Tuesday, April 2, 2002
Marital Property Division Subject to Fraudulent-Transfers Law—C.A.
By KENNETH OFGANG, Staff Writer/Appellate Courts
A transfer of property between estranged spouses is subject to the Uniform Fraudulent Transfers Act, the Sixth District Court of Appeal has ruled.
Taking issue with a contrary Fourth District Court of Appeal ruling, Gagan v. Gouyd (1999) 73 Cal.App.4th 835, the panel Friday concluded that marital property transfers are not implicitly exempt from the act.
The justices reversed a summary judgment in favor of a former Bay Area physician who gave up his practice after his marriage broke up and it was determined that he was the father of a child born to a woman with whom he had an extramarital affair.
Rhina Mejia, the mother of Danilo Reed’s child, sued Reed and his ex-wife, Violeta Reed in 1997. She is seeking to set aside Danilo Reed’s transfer of interests in several real properties to his ex-wife as part of a 1995 marital settlement in which Violeta Reed gave up her interests in Danilo Reed’s later-abandoned medical practice.
Mejia claims the medical practice was fraudulently overvalued in order to justify the real property transfers and enable Danilo Reed to avoid paying her $1,153 monthly in child support.
A Santa Clara Superior Court judge granted summary judgment to the Reeds, finding that there was no intent to defraud and that Danilo Reed was not rendered insolvent by the transfers.
The court did not expressly rule on whether the UFTA applied to marital transfers. Gagan had not yet been decided at the time the issues were briefed and submitted.
The UFTA applies both to “fraudulent in fact” transfers—those intentionally designed to place property beyond the reach of creditors—and to transfers that are constructively fraudulent or “fraudulent in law”—meaning that the transferor failed to receive full value and was insolvent at the time or became insolvent as a result of the transfer.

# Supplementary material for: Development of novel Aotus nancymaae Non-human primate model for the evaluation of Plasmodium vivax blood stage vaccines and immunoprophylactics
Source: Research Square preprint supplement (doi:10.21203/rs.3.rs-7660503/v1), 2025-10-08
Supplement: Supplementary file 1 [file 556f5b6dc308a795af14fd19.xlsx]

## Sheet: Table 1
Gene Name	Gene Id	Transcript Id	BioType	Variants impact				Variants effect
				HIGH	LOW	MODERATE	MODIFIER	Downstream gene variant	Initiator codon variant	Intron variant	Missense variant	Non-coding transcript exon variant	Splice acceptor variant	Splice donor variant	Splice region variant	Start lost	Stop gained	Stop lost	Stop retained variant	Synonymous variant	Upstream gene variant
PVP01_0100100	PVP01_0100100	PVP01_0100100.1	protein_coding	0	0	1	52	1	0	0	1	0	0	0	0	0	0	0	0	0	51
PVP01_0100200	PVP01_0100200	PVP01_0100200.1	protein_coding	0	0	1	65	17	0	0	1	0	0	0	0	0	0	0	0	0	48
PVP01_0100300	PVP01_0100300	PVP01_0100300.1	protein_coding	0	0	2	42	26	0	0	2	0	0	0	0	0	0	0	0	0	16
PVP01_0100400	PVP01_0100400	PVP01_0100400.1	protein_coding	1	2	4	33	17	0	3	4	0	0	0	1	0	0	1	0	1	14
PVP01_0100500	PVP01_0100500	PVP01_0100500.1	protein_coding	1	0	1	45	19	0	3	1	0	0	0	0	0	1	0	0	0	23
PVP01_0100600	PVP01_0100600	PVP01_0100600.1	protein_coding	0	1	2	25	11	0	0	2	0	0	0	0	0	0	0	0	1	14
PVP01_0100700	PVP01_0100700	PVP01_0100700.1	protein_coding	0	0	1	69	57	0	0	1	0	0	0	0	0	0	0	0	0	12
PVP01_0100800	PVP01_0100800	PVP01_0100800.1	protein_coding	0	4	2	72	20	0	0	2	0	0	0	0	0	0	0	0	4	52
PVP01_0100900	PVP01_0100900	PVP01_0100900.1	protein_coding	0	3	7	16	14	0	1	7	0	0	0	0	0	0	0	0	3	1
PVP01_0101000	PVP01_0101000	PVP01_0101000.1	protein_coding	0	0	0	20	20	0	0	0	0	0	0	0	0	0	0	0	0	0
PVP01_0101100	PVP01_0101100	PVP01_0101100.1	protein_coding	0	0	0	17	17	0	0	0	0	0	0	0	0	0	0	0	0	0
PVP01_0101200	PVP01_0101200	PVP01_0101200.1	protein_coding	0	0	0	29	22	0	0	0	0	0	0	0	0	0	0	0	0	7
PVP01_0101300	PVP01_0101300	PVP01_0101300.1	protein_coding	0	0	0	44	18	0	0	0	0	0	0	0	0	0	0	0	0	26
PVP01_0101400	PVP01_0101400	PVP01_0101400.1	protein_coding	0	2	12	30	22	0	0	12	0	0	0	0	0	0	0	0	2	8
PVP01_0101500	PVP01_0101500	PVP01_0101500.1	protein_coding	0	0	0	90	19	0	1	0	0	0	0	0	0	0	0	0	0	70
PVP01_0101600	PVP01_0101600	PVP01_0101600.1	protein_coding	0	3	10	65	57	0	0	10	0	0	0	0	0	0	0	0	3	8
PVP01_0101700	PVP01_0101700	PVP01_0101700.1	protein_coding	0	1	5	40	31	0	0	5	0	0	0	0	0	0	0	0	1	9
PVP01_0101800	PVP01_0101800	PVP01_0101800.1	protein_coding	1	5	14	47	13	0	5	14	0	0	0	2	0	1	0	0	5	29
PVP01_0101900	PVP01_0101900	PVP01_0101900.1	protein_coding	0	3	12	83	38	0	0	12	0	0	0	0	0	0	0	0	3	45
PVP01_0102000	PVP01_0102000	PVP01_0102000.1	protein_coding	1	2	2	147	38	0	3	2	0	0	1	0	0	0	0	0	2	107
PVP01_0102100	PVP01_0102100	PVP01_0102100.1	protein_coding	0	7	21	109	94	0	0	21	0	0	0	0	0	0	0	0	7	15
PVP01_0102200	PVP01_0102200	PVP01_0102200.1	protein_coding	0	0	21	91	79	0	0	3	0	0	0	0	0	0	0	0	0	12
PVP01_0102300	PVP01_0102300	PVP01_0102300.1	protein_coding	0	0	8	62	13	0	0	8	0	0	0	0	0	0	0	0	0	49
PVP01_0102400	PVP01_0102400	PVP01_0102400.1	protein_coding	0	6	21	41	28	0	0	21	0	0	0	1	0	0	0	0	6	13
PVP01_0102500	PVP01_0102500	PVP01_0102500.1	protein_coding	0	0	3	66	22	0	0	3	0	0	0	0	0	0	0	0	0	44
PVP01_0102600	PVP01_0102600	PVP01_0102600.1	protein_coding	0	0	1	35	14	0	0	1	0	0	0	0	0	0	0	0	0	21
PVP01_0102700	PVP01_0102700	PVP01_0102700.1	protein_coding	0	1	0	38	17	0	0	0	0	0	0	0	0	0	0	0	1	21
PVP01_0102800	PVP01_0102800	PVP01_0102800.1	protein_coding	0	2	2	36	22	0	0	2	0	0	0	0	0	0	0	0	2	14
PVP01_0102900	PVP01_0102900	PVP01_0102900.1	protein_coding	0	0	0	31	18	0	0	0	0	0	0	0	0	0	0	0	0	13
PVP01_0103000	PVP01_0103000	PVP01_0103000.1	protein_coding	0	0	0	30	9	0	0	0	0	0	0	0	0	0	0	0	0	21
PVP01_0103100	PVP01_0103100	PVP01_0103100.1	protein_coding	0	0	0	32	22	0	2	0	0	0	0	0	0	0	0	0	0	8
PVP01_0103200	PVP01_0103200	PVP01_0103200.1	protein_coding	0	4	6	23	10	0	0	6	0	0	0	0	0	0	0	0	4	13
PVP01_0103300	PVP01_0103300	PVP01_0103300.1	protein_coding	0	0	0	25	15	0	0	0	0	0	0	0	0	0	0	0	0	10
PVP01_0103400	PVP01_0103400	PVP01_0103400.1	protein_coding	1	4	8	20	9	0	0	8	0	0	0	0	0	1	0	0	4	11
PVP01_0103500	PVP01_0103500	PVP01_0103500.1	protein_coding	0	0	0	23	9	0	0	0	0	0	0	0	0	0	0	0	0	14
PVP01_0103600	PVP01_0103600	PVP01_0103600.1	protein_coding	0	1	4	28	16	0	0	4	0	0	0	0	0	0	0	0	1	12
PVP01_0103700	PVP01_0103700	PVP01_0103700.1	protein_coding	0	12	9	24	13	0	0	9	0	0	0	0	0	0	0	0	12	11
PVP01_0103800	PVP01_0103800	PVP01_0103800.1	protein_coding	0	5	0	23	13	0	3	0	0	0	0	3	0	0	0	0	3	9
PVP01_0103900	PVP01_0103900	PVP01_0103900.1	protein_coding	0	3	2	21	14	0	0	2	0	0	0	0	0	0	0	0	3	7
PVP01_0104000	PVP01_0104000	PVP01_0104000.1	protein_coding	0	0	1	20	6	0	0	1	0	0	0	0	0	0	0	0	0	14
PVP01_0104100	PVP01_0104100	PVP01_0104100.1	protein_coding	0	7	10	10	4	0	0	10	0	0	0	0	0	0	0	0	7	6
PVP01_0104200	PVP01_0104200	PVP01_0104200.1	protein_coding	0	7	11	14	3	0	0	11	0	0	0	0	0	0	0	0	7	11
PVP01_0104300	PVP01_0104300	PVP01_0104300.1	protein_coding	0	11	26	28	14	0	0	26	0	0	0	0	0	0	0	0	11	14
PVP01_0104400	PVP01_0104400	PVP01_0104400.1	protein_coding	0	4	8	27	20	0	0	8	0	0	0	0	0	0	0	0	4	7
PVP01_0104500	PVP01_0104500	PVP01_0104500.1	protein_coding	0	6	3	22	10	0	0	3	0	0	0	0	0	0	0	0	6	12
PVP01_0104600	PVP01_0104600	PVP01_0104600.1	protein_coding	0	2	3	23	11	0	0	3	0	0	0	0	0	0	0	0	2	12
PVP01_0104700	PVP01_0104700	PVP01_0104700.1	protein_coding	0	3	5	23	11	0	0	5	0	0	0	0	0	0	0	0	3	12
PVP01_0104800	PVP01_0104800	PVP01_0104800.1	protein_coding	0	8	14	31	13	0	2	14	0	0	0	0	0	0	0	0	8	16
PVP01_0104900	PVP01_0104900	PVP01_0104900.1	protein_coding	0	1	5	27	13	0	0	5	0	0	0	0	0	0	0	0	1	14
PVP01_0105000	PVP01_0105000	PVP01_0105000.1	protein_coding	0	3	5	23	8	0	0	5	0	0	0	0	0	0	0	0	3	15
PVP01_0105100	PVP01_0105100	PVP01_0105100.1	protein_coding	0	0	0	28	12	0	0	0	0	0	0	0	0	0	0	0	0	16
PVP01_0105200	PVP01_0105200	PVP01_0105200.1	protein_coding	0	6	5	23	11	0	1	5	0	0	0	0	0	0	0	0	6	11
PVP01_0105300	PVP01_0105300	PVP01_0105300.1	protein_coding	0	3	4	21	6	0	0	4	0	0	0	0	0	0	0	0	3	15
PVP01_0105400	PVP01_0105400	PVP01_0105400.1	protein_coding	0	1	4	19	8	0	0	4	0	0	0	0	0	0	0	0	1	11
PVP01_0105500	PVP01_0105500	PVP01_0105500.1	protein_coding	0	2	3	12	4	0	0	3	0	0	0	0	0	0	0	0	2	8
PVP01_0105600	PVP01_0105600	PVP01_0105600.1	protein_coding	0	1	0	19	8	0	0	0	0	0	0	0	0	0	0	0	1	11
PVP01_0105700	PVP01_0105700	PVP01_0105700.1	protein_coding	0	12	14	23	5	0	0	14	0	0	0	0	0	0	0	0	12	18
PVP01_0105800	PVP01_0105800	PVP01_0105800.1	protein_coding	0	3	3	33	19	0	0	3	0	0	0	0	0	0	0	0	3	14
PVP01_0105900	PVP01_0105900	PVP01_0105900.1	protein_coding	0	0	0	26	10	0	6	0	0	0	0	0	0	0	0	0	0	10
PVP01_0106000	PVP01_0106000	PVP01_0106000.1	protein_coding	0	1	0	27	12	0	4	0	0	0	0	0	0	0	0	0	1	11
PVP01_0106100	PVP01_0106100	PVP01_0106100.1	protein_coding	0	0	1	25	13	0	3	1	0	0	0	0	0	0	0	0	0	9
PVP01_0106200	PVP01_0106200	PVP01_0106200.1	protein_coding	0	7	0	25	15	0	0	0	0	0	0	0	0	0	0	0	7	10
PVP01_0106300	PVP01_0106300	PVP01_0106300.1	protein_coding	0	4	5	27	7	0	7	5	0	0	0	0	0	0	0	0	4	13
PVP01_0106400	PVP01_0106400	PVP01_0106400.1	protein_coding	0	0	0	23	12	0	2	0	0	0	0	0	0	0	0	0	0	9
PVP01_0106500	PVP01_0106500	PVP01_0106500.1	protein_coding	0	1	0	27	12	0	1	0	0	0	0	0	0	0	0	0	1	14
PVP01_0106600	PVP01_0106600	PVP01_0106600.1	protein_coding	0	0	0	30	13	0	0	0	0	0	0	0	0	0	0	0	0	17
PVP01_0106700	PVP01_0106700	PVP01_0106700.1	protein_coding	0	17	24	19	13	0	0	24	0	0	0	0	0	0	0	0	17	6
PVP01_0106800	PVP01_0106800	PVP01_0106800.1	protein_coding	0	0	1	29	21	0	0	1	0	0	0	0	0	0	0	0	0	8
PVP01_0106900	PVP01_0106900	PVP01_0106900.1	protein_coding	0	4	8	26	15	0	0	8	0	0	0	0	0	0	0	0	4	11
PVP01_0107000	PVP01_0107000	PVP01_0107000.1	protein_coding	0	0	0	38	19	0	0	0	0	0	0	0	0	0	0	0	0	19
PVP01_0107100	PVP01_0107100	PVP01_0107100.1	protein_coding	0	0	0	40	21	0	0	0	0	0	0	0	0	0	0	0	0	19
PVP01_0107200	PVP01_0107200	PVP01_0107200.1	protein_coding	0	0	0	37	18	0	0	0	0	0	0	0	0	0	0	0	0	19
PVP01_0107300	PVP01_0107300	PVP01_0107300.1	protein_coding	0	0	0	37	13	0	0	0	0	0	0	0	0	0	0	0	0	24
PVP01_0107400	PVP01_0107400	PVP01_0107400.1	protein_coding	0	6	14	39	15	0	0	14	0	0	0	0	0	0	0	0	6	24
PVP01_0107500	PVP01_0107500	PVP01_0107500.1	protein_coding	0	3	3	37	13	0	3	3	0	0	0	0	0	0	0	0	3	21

Where a transfer is fraudulent in fact, any creditor may sue to set it aside. Where it is only fraudulent in law, however, only a pre-transfer creditor may sue.
Justice William Wunderlich, writing for the Court of Appeal, noted that the UFTA contains no express exemption for marital property transfers. He also noted that the State Bar, in its study of the UFTA prior to its adoption by the Legislature, questioned whether it should apply to certain types of transfers—including marital property agreements—but that none of the types of transfers mentioned were excluded when the statute was enacted.
He also noted that marital transfers may be set aside as fraudulent in bankruptcy proceedings, and concluded that the same rule should apply under the UFTA.
“We do not believe that the Legislature intended the Family Code’s provisions to operate as a shield for fraud,” he wrote. “…If the Legislature intends to shield property divisions in dissolution actions from liability under the UFTA, it should adopt an express provision to that effect.”
The evidence presented in support of the summary judgment motion, Wunderlich went on to say, did not establish that Danilo Reed’s real property transfers were not fraudulent.
The jurist noted that the MSA was executed less than a month after the child support order was entered. That evidence raised a reasonable inference of fraudulent intent, Wunderlich said, which the trial judge was “not permitted to ignore…or to weigh…against other inferences or other evidence.”
Even if there was no intent to defraud, the justice went on to say, the plaintiff presented sufficient evidence to raise a triable issue as to whether there was constructive fraud. There is clearly conflicting evidence as to the value of the medical practice at the time of transfer, he noted.
In determining that Reed was solvent at the time of the transfer, Wunderlich wrote, the trial judge erroneously ruled that the present value of the future child-support obligation did not count as a liability because it was contingent. “[UFTA] expressly recognizes that an unmatured, contingent claim as a debt,” the justice wrote.
The plaintiff’s evidence, he went on to say, suggests that the child support obligation exceeded the value of the medical practice, which would have rendered Reed insolvent and the transfers constructively fraudulent. The conflicting evidence must be sorted out at trial, he said.
The case is Mejia v. Reed, 02 S.O.S. 1612.
Copyright 2002, Metropolitan News Company